PHOTONICS INTERVIEW
Akad. Oberrat Dr.-Ing. Ingomar Kelbassa
Revolution in production

In work carried out by the Chair for Laser Technology LLT at RWTH Aachen University and Fraunhofer ILT over the last 20 years, additive manufacture has been developed from a niche application in the rapid prototyping area into a technology that will have a major influence on industrial production over the coming years. Senior Lecturer and Dr.-Ing. Ingomar Kelbassa is Deputy Chairman of the LLT at RWTH Aachen and Department Head at Fraunhofer ILT.

1. You won the Aviation Week Innovation Challenge 2012 in March with a team from Fraunhofer ILT. What achievement was the award for?
Dr.-Ing. Ingomar Kelbassa: For a start, we were the winners in one of eleven categories – the "Power & Propulsion" category.

We received the award in recognition of our work on developing an additive manufacturing process for BLISKs (Blade Integrated DiSKs). These integral, high-quality components are used in the jet engines of modern commercial aircraft. Until now, conventional methods such as 5-axis milling or linear friction welding have been used in the manufacturing of BLISKs. With both these methods, however, welding the individual blades onto the disk results in material losses of up to 80%, plus extremely long production times – 100 hours are required for milling alone when the 5-axis method is used. These manufacturing methods involve removing material in order to create the finished product (i.e. they are "subtractive" methods).

In additive processes, Laser Material Deposition in this particular case, the component is produced by building up material to create the individual blades on the disk. Compared to traditional 5-axis milling, this process results in materials savings of around 60% and lowers total production time by some 30%. Production is therefore faster as well as more efficient.

2. What are the basic principles behind additive manufacture, and what are the most important benefits?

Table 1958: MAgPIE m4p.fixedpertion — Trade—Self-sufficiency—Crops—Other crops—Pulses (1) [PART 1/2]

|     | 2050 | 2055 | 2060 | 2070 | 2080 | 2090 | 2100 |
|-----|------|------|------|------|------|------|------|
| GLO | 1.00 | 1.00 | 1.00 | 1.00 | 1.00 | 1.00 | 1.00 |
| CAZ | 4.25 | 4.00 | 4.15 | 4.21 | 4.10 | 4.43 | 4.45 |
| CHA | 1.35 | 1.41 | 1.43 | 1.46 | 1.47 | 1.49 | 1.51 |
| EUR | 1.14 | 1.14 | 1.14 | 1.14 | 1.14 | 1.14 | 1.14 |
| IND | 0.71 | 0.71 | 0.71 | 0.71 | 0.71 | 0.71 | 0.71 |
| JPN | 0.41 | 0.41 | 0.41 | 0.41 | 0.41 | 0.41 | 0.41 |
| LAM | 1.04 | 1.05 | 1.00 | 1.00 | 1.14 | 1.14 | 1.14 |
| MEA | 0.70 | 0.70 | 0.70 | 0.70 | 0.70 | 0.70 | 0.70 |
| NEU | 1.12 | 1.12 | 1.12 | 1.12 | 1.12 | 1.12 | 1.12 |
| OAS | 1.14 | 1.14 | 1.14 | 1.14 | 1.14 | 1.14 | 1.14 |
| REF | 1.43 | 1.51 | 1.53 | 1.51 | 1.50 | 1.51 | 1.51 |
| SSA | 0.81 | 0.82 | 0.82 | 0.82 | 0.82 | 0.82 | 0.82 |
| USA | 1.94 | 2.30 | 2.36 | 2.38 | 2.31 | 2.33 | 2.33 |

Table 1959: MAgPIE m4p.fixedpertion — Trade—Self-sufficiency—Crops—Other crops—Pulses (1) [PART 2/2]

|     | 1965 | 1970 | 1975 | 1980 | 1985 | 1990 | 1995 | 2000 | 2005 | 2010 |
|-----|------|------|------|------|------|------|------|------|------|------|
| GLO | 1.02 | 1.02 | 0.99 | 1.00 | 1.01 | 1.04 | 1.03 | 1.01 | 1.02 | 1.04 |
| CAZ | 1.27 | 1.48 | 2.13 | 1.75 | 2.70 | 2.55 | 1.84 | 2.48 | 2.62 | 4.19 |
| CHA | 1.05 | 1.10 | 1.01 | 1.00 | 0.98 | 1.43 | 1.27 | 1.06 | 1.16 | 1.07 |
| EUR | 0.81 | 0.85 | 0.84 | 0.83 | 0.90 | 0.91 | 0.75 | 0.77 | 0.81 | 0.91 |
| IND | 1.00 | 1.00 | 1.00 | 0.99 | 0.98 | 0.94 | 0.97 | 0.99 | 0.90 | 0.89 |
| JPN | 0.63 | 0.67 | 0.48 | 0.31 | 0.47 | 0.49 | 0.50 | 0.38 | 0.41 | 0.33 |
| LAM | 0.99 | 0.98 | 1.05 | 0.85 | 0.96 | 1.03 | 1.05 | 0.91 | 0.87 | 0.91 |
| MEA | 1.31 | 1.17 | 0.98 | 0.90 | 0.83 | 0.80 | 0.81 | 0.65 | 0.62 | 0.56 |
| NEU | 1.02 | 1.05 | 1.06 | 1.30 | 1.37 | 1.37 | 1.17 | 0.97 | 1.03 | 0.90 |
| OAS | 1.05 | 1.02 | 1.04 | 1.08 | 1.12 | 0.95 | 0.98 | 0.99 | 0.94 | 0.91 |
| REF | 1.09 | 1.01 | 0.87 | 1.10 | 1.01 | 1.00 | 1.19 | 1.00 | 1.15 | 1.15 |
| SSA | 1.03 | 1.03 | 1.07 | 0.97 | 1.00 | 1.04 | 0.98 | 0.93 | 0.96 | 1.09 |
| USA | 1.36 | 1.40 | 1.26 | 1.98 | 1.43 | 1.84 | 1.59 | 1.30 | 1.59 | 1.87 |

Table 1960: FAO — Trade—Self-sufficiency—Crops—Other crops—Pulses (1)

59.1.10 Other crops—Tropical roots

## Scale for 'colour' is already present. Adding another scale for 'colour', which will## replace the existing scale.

Dr.-Ing. Ingomar Kelbassa: Two laser-based processes are known by the generic term "additive manufacture". On the one hand, there is the above-mentioned single-stage Laser Material Deposition (LMD), and, on the other hand, the two-stage powder-based Selective Laser Melting (SLM). With both processes, one or more filler materials in powder form are remelted in a melting bath using a heat source – laser radiation in this case. Tracks of metallurgically fused material are deposited. Tracks deposited next to each other form whole layers, and many layers on top of each other form whole components. The terms "single-stage" and "two-stage" merely indicate the stage when the powder-form filler material is added to the process. In the case of the single-stage LMD, it is placed directly into the melting bath, while with SLM it is deposited as a powder layer before the remelting (stage 2).

An important benefit of the additive process is, for example, that a component, or even a product, can be configured, designed and constructed with almost entirely functional considerations in mind, without having to worry about production-specific, geometric restrictions. In the past, it wasn't often possible to design optimum components due to limitations on milling, forging, welding or similar processes. These geometric restrictions are no longer relevant when a product is built up layer-by-layer during additive manufacture: any shape you can come up with can be manufactured (or "printed"). This is why the term "3D printing" is also used for this process. Another important benefit is being able to process series-relevant (mostly metallic) materials. The earlier rapid prototyping on a polymer basis has now become a rapid manufacturing process on a polymer, metallic and ceramic basis.
 
3. What types of laser are used for this purpose?

Dr.-Ing. Ingomar Kelbassa: BFiber-coupled laser sources emitting beams with a wavelength of approx. 1 µm are generally used, i.e. solid-state lasers, diode lasers, fiber and disk lasers. For LMD, laser beams with a wavelength of approx. 10 µm (CO2 laser beam) can also be used.
 
4. What other areas can this production process be used in? Where has it been specifically employed already?